Jacques Derrida, The Gift of Death, tr. David Wills (University of Chicago Press 1995), pp. 1-4.

And yet I don't know how you can form an intelligent opinion on this question without being aware of the discussions about it.  It would be like forming an opinion on the rings of Saturn with no understanding of gravity.  Surely we are going to get enough of such ignorance in the Age of Trump, without passing around more of it.

Andrew Boyd and Phil Plait make the same fundamental error:  assuming all valuable knowledge is utilitarian, and any knowledge that is not is, well, really, not worth knowing.  The concept of mystery Derrida discusses above is initiatory:  it is the secret revealed to the favored. "According to Patocka one can speak of religion only after the demonic secret, and the orgiastic sacred, have been surpassed."  The discussion even puts religion beyond mystery, even as mystery is, again, not the idea Plait has in mind.  And the mystery is related to the mysteries of human motivation, which even science is unlikely to unlock:   "In what respect does this demonic mystery of desire involve us in a history of responsibility, more precisely in history as responsibility?"  Indeed, the prime mystery of religion is not:  "How do we explain the universe?"  The prime mystery of religion is:  "How should we then live?"

 It is not mystery in the sense Plait thinks the term is used, because words are not unitary and singular.  We use the same word for different purposes on a daily basis.  Much of modern philosophy has been aware of this for over a century, but Plait (and Boyd) seem wholly unaware of this fundamental issue.  And yet, since they are scientists, or at least trained in science, their knowledge is superior.  Or something.

I dunno; in this Age of Trump I guess I'm just more aware of people parading their lack of understanding as a superior ability.  If anything under Trump is in danger of being "normalized," it's that.

Famous Last Words

Tr:  "The Pope declares Donald Trump a saint because he has made the whole world pray."  (Or so I'm told).

My daughter says she saw something like this somewhere on the intertoobs:

GREAT BRITAIN:  "Brexit!  Yeah!  Nobody can top that!"

AMERICA:  "Hold my beer and watch this!"

Round up the usual suspects

I'm shocked!  Shocked!

The Democratic Party postmortems continue to roll in.  Even the BBC World Service is doing it.  They interviewed voters in Ohio who remember the heyday of the steel mills, when unions provided good wages and everybody prospered and voted Democratic.  Those days are gone, so now they vote for Trump, not because they love him, but to "shake things up."  And then Bernie Sanders comes on, to tell us the problem is Democrats are too busy chasing corporate donors to care about the working class.  And then some apologist for the Democratic way comes on, mealy-mouthed and spouting statistics which prove (yet don't!  See, he admits it!) things are better now than they were, if only people were rational instead of emotional.

And I think of Aristotle, and how his four elements of rhetoric are ethos (character of the speaker), logos (reasoning, logic), pathos (empathy) and kairos (the crisis, the present situation of the audience), and how of those four three are aimed at the audience.  Because arguing statistics, especially economic statistics and poll numbers, is more of the same that cost Hillary Clinton the Presidency.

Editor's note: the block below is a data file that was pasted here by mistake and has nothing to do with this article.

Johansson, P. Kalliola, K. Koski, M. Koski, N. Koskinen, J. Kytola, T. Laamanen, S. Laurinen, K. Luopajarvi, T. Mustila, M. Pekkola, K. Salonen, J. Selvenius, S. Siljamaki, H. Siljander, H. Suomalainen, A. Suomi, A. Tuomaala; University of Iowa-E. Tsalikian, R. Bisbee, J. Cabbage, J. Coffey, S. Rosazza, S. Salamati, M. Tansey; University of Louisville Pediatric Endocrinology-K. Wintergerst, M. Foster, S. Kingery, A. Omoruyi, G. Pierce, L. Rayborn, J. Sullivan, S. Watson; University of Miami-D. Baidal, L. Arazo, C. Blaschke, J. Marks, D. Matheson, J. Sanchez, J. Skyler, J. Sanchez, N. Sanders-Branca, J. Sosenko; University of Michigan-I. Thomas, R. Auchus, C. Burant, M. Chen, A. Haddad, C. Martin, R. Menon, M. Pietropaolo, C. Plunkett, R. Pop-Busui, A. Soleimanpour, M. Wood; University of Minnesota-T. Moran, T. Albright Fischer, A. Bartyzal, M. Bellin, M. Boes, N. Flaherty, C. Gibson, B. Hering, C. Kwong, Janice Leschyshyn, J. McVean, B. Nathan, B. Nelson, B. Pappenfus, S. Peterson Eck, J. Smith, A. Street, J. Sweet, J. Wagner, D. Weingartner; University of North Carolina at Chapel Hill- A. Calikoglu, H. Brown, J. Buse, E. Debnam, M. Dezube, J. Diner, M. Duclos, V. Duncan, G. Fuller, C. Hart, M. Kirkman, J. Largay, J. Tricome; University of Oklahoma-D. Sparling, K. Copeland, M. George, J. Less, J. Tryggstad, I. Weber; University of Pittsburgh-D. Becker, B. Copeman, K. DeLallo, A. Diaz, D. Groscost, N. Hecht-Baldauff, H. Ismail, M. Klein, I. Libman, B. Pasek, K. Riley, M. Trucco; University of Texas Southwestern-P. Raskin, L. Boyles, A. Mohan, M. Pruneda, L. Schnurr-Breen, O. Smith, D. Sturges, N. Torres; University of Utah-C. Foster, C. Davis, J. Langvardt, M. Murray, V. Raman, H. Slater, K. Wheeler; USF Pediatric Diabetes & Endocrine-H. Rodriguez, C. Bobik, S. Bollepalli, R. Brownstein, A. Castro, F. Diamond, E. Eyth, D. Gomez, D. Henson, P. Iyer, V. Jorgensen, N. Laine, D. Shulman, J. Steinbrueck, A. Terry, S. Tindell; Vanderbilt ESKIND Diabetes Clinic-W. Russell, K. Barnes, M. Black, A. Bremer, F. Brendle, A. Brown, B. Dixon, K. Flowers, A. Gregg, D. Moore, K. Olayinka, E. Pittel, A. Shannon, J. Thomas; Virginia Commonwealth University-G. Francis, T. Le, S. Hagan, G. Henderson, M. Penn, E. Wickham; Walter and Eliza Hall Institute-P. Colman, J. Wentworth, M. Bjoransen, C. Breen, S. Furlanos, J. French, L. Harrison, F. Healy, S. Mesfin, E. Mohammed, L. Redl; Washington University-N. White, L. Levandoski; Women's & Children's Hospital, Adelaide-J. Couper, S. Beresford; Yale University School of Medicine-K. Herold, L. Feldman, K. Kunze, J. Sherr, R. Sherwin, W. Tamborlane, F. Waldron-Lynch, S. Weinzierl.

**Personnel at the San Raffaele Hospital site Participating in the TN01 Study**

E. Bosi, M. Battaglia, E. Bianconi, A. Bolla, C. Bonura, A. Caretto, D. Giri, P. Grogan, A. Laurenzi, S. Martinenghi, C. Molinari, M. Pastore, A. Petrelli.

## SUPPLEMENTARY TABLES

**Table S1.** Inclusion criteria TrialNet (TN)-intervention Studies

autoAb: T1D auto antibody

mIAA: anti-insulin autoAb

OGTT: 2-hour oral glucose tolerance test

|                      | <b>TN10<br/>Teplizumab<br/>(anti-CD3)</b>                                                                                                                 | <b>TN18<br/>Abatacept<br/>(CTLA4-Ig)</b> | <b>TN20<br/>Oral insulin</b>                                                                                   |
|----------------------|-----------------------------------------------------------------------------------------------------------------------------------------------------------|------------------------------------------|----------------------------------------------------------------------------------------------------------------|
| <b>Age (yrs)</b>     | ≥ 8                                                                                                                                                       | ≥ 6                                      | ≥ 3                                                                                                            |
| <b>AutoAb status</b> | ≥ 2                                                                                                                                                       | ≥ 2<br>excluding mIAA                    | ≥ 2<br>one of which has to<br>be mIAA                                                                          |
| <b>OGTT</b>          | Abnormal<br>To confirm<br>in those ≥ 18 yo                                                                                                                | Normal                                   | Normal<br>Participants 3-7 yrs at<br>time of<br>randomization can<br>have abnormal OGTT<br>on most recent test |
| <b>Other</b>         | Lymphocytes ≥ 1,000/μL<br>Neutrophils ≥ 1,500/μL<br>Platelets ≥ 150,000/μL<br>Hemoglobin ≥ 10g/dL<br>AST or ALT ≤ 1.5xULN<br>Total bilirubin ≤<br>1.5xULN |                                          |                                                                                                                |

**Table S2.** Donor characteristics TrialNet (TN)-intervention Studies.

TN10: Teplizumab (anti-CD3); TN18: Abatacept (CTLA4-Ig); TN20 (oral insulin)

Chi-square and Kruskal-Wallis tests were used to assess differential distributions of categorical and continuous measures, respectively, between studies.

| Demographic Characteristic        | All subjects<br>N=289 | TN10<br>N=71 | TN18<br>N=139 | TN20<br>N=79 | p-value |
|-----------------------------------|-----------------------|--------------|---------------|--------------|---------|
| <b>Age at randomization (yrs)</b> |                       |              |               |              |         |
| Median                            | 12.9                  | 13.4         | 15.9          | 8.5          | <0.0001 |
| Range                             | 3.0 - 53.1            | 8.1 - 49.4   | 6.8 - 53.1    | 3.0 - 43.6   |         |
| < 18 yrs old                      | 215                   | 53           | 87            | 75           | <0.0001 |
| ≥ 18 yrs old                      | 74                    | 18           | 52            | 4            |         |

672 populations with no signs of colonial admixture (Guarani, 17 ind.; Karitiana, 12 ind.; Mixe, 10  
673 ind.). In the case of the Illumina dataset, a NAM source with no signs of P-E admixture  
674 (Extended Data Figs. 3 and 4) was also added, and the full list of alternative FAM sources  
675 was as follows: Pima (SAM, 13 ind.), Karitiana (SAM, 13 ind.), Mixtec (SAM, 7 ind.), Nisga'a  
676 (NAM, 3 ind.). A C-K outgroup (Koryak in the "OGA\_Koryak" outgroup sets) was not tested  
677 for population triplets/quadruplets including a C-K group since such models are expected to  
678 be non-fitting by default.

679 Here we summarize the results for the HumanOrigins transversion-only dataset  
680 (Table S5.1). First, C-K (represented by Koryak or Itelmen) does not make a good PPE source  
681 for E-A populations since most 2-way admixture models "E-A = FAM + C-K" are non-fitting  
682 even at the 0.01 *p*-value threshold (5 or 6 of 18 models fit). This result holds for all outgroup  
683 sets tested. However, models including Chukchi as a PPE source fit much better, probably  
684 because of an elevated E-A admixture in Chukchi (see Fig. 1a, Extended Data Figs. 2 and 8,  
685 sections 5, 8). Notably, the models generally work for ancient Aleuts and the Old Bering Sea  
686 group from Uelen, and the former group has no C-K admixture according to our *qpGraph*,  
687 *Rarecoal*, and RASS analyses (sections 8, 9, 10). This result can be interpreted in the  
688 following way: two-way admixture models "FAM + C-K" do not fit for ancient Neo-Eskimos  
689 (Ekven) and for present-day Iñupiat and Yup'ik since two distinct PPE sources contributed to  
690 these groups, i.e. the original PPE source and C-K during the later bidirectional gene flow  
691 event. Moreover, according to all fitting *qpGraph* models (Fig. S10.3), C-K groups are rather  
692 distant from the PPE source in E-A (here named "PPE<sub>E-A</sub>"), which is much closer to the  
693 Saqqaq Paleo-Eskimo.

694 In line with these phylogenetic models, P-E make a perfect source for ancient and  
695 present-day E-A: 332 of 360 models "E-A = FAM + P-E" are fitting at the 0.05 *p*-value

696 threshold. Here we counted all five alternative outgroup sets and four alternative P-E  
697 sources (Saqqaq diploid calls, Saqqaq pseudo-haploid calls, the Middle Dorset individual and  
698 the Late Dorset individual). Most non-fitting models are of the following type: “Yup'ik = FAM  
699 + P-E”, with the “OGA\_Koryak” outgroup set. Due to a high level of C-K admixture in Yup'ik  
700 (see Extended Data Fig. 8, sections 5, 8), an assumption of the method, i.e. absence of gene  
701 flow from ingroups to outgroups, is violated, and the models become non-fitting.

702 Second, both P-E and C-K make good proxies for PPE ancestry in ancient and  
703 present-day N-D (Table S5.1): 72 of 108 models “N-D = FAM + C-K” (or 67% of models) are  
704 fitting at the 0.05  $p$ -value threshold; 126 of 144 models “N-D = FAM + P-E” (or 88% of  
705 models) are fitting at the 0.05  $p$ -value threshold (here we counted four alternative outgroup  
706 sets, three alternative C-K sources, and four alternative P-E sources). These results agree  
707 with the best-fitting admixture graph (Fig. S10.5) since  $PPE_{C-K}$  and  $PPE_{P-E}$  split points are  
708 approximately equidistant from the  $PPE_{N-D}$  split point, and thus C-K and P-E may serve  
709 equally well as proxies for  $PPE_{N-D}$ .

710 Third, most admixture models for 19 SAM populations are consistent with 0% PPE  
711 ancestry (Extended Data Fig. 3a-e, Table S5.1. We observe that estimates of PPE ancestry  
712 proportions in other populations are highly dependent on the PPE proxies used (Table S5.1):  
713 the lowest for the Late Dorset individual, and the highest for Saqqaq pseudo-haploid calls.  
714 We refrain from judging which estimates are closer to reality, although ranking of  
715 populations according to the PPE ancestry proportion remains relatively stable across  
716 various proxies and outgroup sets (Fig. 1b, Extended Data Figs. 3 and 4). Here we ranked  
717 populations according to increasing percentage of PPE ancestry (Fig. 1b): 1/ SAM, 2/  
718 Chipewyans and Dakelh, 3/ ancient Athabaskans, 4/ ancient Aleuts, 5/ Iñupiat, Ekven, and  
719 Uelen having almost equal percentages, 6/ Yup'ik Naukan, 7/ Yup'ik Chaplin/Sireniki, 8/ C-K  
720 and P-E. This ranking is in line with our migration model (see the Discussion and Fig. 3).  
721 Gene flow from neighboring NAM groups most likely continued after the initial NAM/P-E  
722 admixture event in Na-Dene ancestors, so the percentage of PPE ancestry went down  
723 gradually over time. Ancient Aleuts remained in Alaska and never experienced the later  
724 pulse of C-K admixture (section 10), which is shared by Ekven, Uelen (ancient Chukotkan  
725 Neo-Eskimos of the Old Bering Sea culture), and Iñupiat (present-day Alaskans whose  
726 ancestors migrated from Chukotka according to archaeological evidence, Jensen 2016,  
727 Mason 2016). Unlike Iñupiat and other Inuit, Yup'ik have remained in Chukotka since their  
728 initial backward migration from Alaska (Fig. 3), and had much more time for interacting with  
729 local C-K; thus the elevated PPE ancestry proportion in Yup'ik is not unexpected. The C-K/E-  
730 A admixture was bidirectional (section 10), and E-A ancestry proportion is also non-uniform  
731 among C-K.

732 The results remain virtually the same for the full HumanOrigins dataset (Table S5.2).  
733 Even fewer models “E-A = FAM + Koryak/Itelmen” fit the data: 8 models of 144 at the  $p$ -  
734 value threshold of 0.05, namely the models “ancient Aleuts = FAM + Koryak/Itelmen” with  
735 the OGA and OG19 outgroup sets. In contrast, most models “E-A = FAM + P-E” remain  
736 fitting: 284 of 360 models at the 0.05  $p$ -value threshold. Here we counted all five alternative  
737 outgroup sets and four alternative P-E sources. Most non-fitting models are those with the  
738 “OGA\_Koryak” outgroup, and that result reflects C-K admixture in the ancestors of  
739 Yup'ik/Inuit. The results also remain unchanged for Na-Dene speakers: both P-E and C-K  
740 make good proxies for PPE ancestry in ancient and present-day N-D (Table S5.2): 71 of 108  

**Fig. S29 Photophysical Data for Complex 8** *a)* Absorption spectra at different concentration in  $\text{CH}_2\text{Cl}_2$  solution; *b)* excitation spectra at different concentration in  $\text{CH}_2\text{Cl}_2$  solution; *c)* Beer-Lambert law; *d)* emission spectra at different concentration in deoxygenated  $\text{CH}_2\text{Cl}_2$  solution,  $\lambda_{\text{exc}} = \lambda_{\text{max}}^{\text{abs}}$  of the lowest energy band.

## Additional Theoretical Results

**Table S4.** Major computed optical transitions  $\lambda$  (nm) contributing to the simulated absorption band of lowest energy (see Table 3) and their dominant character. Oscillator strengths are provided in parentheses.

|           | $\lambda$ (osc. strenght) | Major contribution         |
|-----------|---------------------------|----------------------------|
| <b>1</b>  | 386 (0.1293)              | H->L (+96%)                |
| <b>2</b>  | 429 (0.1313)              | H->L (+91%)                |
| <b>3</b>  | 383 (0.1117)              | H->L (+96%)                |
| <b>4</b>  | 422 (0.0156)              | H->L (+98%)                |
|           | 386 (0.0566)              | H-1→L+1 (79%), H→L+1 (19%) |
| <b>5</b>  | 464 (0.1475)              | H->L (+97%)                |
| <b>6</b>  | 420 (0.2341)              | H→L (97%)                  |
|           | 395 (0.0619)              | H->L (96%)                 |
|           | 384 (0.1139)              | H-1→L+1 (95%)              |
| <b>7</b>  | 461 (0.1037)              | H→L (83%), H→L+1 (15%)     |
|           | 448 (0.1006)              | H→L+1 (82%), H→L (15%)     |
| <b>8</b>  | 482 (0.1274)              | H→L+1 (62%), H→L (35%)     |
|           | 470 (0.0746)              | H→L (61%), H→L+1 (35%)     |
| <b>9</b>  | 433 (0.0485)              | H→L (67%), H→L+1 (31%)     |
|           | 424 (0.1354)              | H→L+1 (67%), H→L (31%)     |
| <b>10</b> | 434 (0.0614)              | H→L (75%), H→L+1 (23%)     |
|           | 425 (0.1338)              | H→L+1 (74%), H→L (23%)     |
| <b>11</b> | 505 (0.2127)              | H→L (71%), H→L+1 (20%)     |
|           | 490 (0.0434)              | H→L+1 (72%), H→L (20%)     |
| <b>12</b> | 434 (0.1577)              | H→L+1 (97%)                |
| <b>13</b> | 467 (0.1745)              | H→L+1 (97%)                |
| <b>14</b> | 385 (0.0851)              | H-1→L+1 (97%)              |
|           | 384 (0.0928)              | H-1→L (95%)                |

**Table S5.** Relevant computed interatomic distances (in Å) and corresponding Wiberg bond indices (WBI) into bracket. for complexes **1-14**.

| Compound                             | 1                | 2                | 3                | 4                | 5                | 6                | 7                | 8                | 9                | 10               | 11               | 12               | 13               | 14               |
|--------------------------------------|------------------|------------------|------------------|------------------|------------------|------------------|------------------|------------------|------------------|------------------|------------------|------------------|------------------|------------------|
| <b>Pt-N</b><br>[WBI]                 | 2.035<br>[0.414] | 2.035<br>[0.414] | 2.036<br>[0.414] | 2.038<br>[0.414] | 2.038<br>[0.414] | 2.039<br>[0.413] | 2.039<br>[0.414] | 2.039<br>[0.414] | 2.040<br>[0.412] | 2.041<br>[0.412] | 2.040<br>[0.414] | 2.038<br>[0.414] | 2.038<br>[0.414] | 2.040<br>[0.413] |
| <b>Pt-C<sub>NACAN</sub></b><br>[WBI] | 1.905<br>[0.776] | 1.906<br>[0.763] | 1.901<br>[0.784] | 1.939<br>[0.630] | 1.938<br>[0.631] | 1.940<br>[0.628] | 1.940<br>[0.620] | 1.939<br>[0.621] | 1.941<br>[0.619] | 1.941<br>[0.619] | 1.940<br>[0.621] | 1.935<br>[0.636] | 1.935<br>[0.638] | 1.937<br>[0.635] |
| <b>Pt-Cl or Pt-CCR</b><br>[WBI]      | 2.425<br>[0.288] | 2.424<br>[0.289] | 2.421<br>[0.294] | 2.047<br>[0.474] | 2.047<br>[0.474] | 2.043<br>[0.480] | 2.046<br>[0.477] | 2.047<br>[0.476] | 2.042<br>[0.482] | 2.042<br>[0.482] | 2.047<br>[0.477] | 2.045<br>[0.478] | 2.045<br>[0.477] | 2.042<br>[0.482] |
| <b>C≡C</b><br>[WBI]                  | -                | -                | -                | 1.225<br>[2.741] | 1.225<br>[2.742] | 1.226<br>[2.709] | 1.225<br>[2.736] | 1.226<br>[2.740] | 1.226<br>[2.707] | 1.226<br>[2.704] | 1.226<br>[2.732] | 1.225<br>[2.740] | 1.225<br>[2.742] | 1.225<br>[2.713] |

So let's blame NAFTA and corporations and economists, because they are such easy targets to despise.

Except NAFTA is correlation, not causation.  Middle class security started crumbling in the 1970's, not in the 1990's.  Reagan declared "Morning in America" and then fired all the workers of PATCO, and made it clear unions got no special favors from him.  Not for nothing, because union power was crumbling by then, anyway.  And still the "Reagan Democrats" loved him.  Inflation started tearing up the middle class in the '60's when Nixon was in office, took off under Ford and Carter, and was only stopped when Volcker applied the tourniquet so tightly the economy fell to its knees and almost had to amputate a limb.  Wall Street recovered; Main Street didn't (usury laws, in place for decades before Volcker, were amended or repealed in order to keep up with the Fed.  Interest rates went back down, allowable interest rates stayed high.  Nobody even mentions usury anymore, because it hurts people we don't really care about.).

Watch any movie or TV show from the period, and a bad economy is reflected in the story line.  Recessions were as common as snowfall in winter.  Wall Street boomed under Reagan, but the economy didn't.  Main Street recovered under Clinton.  Heavy industry was already on the way out when NAFTA, proposed under Bush, was supported and passed under Clinton.  What foreign competition was doing to our factories eventually was replaced by automation, something Kurt Vonnegut had foreseen with his first novel, Player Piano, in 1952.  It just took us half a century to catch up with him, but now assembly lines in Detroit are a memory not because of GM or Roger Smith, but because of robots.  And it may be why quality of production has gone up, too; but don't tell a former union member that.  Of course, auto manufacturing just shifted from Detroit to "open shop" states where unions didn't have a foothold; so there was the, too.  We still have autoworkers in America; they just don't feel beholden to the Democrats, and they don't give union dues that can be turned into donations.